Les Océanides by Gustave Doré

Les Océanides by Gustave Doré (ca. 1860–1869)

Wikimedia CommonsPublic Domain


Doris was a nymph, one of the three thousand Oceanids born to the Titans Oceanus and Tethys. She married Nereus, the “Old Man of the Sea,” and gave birth to the fifty sea nymphs known as the Nereids.


The name “Doris” (Greek Δωρίς, translit. Dōrís) may be connected to the Greek word δῶρον (dôron), meaning “gift.” This linguistic element also appears in the names of a few of Doris’ sisters, including Eudora and Polydora.[1]


  • English
    DorisΔωρίς (Dōrís)
  • Phonetic
    [DAWR-is, DOHR-, DOR-]/ˈdɔr ɪs, ˈdoʊr-, ˈdɒr-/

Titles and Epithets

As a daughter of Oceanus and Tethys, Doris was commonly referred to as an “Oceanid” (Ὠκεανίς, Ōkeanís). Hesiod also described Doris individually as “fair-haired” (εὔκομος, eúkomos)—a very common epithet among Greek goddesses.[2]


Doris, one of the Oceanids, was a beautiful nymph and a minor goddess of the sea. Very little is known about her; other than being the wife of Nereus and the mother of the Nereids, she did not have any unique attributes that set her apart from other nymphs.

In ancient art, Doris was sometimes represented alongside her husband or daughters. However, she was usually depicted as a fairly generic goddess (attractive, dressed in a flowing robe) and is thus difficult to identify with any certainty, except in cases where the artist labeled her.[3]


Doris’ parents were Oceanus and Tethys, early gods of the sea and two of the original twelve Titans born to Gaia and Uranus. Doris and her sisters made up the three thousand Oceanids, while her brothers were the three thousand Potamoi, or “Rivers.”[4]

The Oceanids by Gustave Doré (1860–1869).

The Oceanids by Gustave Doré (1860–1869).

Wikimedia CommonsPublic Domain

Doris married Nereus, another sea god, and together they had fifty sea nymph daughters known as the Nereids.[5] According to one source, she also had a son, Nerites, who became a handsome companion of Poseidon.[6]


Doris did not have much in the way of an individual mythology. According to Hesiod, she was an Oceanid, one of the daughters of the Titans Oceanus and Tethys. She eventually married Nereus, the sea god known as the “Old Man of the Sea,” and gave birth to the fifty Nereids, whom Hesiod described as “passing lovely amongst goddesses.”[7]

A few of Doris’ Nereid daughters were significant figures. Thetis, for example, married the hero Peleus and became the mother of Achilles; Amphitrite became the wife of Poseidon and ruled as queen of the sea; and Galatea was known as the unhappy love interest of the Cyclops Polyphemus.



  1. See Martin L. West, Hesiod: Theogony (Oxford: Clarendon, 1966), 265.

  2. Hesiod, Theogony 241.

  3. See Maria Pipili, “Nereus,” in Lexicon Iconographicum Mythologiae Classicae (Zurich: Artemis, 1992), 6:824–37.

  4. Hesiod, Theogony 337ff, 350; Apollodorus, Library 1.2.2.

  5. Hesiod, Theogony 240ff.

  6. Aelian, On the Nature of Animals 14.28.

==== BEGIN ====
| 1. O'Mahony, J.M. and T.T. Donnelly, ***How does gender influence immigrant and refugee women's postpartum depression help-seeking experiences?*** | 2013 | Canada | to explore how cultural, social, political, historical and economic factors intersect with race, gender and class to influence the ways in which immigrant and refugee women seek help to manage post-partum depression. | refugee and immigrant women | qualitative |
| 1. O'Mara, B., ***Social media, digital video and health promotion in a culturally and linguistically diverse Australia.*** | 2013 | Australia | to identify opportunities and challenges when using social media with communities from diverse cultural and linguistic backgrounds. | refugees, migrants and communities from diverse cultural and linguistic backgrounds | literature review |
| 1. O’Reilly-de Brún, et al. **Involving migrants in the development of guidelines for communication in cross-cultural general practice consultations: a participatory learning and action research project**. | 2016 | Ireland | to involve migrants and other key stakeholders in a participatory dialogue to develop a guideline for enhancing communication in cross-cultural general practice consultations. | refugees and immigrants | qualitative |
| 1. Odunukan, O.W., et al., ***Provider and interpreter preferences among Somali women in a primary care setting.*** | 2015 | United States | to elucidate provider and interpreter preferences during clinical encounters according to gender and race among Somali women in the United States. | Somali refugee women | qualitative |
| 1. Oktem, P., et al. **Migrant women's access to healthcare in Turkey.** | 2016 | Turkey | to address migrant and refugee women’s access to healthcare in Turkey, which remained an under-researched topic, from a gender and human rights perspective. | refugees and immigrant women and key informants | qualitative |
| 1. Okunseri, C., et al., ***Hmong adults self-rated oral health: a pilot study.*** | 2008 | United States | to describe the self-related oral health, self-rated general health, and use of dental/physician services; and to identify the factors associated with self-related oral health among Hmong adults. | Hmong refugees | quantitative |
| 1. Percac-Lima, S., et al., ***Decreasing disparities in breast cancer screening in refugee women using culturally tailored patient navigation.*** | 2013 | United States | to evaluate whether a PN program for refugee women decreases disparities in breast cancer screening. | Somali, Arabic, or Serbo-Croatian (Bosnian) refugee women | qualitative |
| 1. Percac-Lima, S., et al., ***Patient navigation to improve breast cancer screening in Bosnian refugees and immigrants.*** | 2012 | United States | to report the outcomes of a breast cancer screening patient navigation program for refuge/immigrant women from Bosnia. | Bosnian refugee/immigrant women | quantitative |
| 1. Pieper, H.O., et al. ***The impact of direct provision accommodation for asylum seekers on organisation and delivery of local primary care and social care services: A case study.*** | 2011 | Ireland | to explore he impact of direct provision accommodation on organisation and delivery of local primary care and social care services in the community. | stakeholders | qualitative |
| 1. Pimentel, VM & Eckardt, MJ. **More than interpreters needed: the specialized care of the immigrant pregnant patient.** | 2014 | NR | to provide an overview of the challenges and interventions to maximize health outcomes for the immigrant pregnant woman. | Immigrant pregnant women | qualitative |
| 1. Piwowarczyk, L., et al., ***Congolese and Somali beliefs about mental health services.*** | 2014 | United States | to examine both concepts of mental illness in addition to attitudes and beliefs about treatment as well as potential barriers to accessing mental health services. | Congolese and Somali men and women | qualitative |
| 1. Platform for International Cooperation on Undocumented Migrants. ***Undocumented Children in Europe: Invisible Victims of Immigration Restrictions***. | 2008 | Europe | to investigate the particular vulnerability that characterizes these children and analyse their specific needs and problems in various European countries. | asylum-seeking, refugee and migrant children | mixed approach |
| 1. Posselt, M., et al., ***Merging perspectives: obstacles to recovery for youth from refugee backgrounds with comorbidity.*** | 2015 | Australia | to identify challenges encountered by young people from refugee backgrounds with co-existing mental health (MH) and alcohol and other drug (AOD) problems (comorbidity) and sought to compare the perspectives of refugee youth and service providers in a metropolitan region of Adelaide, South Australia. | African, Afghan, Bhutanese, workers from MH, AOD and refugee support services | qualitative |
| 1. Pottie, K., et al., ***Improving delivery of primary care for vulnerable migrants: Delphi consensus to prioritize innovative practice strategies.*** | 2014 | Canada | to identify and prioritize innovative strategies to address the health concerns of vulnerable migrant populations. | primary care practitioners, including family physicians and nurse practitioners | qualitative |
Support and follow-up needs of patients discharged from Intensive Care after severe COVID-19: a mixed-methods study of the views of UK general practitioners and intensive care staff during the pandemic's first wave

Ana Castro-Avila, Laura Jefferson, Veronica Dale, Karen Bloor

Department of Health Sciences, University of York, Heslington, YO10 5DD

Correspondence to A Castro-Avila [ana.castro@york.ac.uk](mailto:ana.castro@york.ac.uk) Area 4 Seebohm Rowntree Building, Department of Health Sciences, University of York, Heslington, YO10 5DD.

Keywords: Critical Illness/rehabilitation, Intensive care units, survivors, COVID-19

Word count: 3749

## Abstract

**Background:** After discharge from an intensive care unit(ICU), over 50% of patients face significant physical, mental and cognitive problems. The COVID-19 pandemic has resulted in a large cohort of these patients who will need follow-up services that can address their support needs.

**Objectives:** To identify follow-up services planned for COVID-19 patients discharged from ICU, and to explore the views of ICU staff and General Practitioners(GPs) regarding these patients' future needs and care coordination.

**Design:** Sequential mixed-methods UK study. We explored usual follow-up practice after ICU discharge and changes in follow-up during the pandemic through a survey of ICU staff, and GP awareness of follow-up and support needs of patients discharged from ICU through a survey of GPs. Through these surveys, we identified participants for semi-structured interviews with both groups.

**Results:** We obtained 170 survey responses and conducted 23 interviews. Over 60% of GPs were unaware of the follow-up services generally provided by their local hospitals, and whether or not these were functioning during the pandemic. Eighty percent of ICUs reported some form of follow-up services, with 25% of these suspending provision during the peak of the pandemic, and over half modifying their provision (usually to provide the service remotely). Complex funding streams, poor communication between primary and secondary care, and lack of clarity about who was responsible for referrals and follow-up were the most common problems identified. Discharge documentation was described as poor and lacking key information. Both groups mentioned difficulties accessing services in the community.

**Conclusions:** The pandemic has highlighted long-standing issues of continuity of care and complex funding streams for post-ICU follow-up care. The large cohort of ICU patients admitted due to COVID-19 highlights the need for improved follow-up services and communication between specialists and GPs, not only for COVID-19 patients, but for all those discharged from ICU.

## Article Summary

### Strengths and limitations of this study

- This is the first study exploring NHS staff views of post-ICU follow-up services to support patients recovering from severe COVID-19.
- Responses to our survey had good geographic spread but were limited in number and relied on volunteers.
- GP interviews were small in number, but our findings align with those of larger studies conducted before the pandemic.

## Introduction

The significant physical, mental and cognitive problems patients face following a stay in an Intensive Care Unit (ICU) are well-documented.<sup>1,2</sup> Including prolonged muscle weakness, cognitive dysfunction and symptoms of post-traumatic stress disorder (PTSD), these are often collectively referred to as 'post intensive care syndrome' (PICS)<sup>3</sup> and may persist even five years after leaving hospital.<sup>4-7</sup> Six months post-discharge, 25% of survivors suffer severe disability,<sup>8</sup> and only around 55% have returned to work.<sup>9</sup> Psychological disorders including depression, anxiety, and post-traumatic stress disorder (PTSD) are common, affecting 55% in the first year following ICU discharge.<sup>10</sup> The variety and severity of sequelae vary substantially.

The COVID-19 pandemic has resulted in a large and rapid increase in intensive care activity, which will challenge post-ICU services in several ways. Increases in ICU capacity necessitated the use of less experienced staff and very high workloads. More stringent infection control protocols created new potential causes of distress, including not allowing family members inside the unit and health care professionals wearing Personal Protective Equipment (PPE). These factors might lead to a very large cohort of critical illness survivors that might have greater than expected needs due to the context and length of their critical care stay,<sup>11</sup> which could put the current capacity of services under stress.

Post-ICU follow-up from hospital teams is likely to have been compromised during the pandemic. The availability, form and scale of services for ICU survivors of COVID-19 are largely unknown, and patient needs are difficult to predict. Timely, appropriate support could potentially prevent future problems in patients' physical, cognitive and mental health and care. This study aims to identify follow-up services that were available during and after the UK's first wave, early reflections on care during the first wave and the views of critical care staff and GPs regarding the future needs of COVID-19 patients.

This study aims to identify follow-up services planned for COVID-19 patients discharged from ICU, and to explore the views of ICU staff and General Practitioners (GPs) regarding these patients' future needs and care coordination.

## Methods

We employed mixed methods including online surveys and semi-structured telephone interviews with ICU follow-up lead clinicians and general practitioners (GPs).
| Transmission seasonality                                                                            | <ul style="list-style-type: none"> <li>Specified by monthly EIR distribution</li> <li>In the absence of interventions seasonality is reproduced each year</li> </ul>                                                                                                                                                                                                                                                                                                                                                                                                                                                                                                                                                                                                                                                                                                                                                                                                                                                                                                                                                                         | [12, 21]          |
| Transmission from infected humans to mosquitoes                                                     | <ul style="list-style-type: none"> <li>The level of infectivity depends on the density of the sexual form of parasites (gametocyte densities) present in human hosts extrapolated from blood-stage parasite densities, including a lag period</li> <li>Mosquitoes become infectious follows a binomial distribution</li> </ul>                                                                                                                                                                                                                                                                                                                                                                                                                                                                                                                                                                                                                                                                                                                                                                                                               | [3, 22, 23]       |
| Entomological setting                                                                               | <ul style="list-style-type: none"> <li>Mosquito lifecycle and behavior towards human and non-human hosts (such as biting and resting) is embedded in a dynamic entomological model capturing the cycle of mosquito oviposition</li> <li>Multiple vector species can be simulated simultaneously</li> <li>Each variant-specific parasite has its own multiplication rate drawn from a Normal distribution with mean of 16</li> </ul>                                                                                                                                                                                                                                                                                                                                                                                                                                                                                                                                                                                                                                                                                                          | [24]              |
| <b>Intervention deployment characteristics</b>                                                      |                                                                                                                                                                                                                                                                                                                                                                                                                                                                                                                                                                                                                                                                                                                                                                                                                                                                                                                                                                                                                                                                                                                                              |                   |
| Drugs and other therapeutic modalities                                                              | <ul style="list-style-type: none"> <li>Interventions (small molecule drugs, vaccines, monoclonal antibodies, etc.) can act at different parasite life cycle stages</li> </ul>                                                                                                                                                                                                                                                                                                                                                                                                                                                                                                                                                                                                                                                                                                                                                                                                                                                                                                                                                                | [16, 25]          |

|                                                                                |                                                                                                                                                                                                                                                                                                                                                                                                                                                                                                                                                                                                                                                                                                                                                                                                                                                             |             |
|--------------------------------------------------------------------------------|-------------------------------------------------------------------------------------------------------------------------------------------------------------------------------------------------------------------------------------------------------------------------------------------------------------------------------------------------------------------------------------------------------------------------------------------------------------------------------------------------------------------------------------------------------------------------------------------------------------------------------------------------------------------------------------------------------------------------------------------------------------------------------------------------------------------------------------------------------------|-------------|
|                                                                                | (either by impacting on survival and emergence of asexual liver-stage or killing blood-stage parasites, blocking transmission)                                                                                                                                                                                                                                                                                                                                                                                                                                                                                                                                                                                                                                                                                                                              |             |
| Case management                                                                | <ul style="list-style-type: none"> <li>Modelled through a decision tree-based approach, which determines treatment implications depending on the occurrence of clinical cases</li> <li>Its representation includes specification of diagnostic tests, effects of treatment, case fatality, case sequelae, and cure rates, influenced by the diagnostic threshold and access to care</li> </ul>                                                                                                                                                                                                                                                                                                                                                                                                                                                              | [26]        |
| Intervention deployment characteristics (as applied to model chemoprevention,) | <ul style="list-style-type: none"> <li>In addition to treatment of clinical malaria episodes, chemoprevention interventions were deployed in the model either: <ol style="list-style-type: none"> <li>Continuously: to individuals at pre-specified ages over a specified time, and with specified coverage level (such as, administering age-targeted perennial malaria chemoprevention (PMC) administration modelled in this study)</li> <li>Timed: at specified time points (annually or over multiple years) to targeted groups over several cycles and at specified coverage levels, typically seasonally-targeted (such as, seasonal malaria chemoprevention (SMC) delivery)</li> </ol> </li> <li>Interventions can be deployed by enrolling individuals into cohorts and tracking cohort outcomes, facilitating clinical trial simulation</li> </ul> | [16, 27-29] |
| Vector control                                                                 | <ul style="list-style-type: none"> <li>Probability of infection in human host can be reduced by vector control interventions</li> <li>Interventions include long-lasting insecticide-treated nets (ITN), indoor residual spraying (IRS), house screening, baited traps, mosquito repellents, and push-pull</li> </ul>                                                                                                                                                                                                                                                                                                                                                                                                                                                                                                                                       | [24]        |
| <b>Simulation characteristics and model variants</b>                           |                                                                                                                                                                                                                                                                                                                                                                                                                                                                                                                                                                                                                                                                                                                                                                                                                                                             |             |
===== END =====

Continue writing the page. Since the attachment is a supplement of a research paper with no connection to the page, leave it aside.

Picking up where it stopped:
7. Hesiod, Theogony 240, trans. H. G. Evelyn-White.

Primary Sources


The earliest and most important literary source for Doris is Hesiod’s Theogony (eighth/seventh century BCE), which summarizes her genealogy and mythology. The Library, a mythological handbook attributed to Apollodorus or “Pseudo-Apollodorus” (first century BCE or later), gives a similar overview of Doris’ identity.


Doris is mentioned in passing in a few Roman texts. Ovid (43 BCE–17/18 CE) calls Doris the mother of the Nereids in his Metamorphoses. Her genealogy is likewise outlined in the Fabulae, a mythological handbook attributed to Hyginus or “Pseudo-Hyginus (first century CE or later).

Secondary Sources

  • Bloch, René. “Doris (I.1).” In Brill’s New Pauly, edited by Hubert Cancik, Helmuth Schneider, Christine F. Salazar, Manfred Landfester, and Francis G. Gentry. Published online 2006. http://dx.doi.org/10.1163/1574-9347_bnp_e323390.

  • Escher-Bürkli, Jakob. “Doris (3).” In Paulys Realencyclopädie der classischen Altertumswissenschaft, edited by Georg Wissowa and August Friedrich Pauly, vol. 5.2, 1566. Stuttgart: Metzler, 1893–1980.

  • Smith, William. “Doris (1).” In A Dictionary of Greek and Roman Biography and Mythology. London: Spottiswoode and Company, 1873. Perseus Digital Library. Accessed January 10, 2021. https://www.perseus.tufts.edu/hopper/text?doc=Perseus%3Atext%3A1999.04.0104%3Aentry%3Ddoris-bio-1.

  • Theoi Project. “Doris.” Published online 2000–2017. https://www.theoi.com/Nymphe/NympheDoris.html.

  • Weiszäcker, P. “Doris (1).” In Ausführliches Lexikon der griechischen und römischen Mythologie, edited by W. H. Roscher, vol. 1, 1198. Leipzig: Teubner, 1884–90.


Kapach, Avi. “Doris.” Mythopedia, August 01, 2023. https://mythopedia.com/topics/doris.

Kapach, Avi. “Doris.” Mythopedia, 1 Aug. 2023. https://mythopedia.com/topics/doris. Accessed on 17 Jul. 2024.

Kapach, A. (2023, August 1). Doris. Mythopedia. https://mythopedia.com/topics/doris


  • Avi Kapach

    Avi Kapach is a writer, scholar, and educator who received his PhD in Classics from Brown University

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